NWA Srike Aftermath: More Fliers Sit Back and Relax

At Detroit Metro Airport, NWA will operate 27 fewer Northwest, Mesaba and Pinnacle flights every day.

Lengthy waits at the airport. Minutes slowly ticking away in a stuffy plane. Racing to a new gate or rebooking on the phone with the hope of getting home soon or getting to that meeting on time.

FEWER FLIGHTS Northwest Airlines plans to operate fewer flights starting today. At Detroit Metro Airport, that will mean 27 fewer Northwest, Mesaba and Pinnacle flights departing the airport every day. It's the first in what could be a few schedule reductions that Northwest plans to make as it reorganizes through its Chapter 11 bankruptcy.

Overall, the airline is cutting 182 daily flights, bringing its total number of flights a day to 2,580.

Northwest hasn't cut out any destinations.

Reductions at Detroit Metro will come from cutting one flight a day to 25 destinations including Grand Rapids; Birmingham, Ala.; Little Rock, Ark.; Charlottesville, Va., and two flights a day to Cleveland.

These frustrations have become more common for passengers of Northwest Airlines Inc., which earned some of the worst on-time numbers in the industry in August and September when its mechanics went on strike.

"Northwest doesn't have the greatest on-time track record. However, there was a difference before and after the strike," said Anthony Scaglione, 30, of Commerce Township, who flies Northwest twice a week. Half of his flights after Northwest's union mechanics went on strike Aug. 20 have been delayed more than a reasonable 15 minutes. Two weeks ago, Scaglione said, "was the first time, in a long time, we actually left the gate on time."

Since the strike, frequent travelers have detected some subtle changes, too. Some have noticed stressed-out staffers. Others say planes are fuller than usual now that Northwest has trimmed its schedule, and it's tougher to get a frequent-flier bump-up to first class.

But Scaglione has noticed the delays he used to plan his schedule around aren't as frequent as they were a few weeks ago and the ones that remain are getting shorter. Indeed, it appears Northwest's on-time statistics are improving from the dismal numbers the airline posted in August and September.

For the first few weeks of October, Northwest recorded on-time rates that rival and even surpass other major carriers -- a sign that the frustrations travelers had put up with in recent months might not become a more regular part of flying Michigan's largest airline, which serves more than 60% of passengers at Detroit Metro Airport.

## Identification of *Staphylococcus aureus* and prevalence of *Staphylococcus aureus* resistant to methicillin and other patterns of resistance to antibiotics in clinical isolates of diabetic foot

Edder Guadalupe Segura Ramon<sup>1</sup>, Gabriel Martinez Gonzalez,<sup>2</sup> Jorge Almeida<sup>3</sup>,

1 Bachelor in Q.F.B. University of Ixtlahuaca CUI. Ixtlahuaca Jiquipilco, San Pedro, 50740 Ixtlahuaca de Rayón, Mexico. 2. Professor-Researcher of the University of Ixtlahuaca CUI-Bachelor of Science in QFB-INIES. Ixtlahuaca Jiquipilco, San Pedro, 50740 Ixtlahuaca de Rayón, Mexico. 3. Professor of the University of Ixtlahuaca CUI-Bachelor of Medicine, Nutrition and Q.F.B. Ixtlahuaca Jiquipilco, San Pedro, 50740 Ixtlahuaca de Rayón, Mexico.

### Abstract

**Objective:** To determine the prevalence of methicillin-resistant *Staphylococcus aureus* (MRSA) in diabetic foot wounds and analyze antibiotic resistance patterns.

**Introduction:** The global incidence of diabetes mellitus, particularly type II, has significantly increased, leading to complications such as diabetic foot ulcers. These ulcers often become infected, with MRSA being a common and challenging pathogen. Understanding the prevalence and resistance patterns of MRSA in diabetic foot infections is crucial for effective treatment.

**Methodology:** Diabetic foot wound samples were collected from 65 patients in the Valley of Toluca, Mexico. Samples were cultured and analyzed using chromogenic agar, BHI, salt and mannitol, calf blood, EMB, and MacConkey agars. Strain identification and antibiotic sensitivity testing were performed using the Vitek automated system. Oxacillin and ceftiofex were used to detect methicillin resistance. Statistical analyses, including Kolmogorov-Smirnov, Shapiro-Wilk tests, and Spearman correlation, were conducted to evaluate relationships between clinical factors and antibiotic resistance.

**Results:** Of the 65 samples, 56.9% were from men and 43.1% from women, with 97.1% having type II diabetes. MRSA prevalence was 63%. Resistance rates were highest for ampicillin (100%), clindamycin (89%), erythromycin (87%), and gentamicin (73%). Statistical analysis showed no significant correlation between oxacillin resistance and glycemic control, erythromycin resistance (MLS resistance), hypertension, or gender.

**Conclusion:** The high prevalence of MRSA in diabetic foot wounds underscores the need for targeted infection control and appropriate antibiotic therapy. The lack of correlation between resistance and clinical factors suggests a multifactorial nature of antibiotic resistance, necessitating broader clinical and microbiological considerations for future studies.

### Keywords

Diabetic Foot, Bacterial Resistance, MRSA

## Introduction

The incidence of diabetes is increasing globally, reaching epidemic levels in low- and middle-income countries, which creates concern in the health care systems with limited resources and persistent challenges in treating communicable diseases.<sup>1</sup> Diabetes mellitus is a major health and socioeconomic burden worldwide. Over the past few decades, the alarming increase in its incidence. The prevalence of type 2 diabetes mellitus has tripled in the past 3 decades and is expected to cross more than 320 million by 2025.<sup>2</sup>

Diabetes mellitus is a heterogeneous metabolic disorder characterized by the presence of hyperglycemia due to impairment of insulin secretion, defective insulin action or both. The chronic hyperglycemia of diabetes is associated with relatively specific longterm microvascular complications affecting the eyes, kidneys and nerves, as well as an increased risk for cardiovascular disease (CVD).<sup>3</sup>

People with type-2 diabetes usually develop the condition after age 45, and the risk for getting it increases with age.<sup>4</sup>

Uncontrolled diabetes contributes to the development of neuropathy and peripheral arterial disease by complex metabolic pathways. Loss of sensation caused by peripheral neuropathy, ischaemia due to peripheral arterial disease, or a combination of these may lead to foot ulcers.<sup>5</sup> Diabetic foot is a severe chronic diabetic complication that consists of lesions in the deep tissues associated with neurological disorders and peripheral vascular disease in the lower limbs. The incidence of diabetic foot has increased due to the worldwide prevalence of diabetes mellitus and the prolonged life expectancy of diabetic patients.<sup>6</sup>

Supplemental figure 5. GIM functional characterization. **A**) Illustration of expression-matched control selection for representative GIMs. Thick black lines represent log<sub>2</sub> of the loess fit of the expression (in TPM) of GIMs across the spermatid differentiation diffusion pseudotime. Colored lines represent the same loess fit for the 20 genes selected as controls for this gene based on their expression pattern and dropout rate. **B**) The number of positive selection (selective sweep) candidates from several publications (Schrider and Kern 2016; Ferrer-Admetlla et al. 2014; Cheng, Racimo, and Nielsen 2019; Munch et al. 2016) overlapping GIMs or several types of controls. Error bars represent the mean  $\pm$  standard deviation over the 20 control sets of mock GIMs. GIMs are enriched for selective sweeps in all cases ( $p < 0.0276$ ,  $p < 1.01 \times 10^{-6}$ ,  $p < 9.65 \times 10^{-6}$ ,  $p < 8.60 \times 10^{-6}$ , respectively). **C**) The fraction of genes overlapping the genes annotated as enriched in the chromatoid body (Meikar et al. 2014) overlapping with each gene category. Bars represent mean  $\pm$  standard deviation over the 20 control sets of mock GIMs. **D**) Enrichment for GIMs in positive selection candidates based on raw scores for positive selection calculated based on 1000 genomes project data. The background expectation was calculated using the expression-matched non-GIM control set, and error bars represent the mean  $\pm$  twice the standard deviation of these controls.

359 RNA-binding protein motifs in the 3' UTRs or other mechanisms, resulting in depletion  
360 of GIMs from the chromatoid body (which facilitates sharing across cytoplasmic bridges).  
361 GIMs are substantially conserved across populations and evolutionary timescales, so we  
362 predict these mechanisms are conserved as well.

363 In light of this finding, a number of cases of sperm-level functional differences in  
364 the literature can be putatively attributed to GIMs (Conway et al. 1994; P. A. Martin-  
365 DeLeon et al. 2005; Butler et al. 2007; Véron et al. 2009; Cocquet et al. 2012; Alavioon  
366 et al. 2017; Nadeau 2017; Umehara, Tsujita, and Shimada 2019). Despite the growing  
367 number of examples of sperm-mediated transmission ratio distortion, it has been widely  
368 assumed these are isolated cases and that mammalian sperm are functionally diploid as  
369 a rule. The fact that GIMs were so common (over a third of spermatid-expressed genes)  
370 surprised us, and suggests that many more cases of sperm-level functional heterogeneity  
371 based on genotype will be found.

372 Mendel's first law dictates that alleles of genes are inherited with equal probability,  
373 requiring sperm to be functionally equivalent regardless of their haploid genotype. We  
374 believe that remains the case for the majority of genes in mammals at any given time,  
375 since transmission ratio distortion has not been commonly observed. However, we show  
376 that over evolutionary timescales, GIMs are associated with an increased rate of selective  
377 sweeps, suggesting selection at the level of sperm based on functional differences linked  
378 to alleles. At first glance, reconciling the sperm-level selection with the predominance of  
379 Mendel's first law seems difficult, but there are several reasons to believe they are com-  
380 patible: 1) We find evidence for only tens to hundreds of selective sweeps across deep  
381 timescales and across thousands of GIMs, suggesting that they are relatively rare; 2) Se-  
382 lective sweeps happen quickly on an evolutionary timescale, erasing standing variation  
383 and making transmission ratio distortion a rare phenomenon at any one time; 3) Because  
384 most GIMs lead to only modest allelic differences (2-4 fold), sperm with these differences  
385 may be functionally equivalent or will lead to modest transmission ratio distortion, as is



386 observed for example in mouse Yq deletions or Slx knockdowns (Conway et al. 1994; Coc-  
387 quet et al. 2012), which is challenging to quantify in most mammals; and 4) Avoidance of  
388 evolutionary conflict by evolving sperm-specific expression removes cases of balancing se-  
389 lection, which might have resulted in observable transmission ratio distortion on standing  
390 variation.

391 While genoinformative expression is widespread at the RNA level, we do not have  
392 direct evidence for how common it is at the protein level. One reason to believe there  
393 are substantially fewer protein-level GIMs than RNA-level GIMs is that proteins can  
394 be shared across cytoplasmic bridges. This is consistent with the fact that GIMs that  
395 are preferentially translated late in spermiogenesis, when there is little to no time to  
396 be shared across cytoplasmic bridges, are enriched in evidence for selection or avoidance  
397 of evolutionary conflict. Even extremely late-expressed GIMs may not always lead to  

A rocky start

Cindy Talley has one reason for booking her next trip on Northwest Airlines. The 34-year-old geologist from Garden City wants to use up her frequent-flier miles.

She didn't feel that a few months ago. It took one awful flying experience on Northwest to make Talley skeptical.

"I'm just more leery about it," said Talley. "I'm more aware of what could go wrong."

Talley turned leery a day after Northwest's 4,400 union mechanics walked off the job. On Aug. 21, she was getting ready for her flight from Chicago's Midway International Airport to Detroit Metro.

The departure boards said her flight was on time. But when it came time to leave, there was no plane at the gate. Talley called Northwest's 800 number and learned that her flight was going to be two hours late. A half-hour later, the boards said Talley's flight to Detroit as canceled, and a gate agent said there would be no flights to Detroit until the next day.

Talley had just started a new job and didn't want to ask for a day off with little notice. So it was a good thing she had reserved a car just in case.

"I knew that, in my situation, I wasn't going to be able to mess around," Talley said. "I needed to get home."

Travelers and airline experts expected delays and cancellations on Northwest after the strike. During the first day of what has stretched into a 73-day labor dispute, fewer than half of Northwest's flights arrived on time.

In August, Northwest was able to get 67% of its flights to their destinations on time, according to the U.S. Department of Transportation, which assembles numbers from the airlines.

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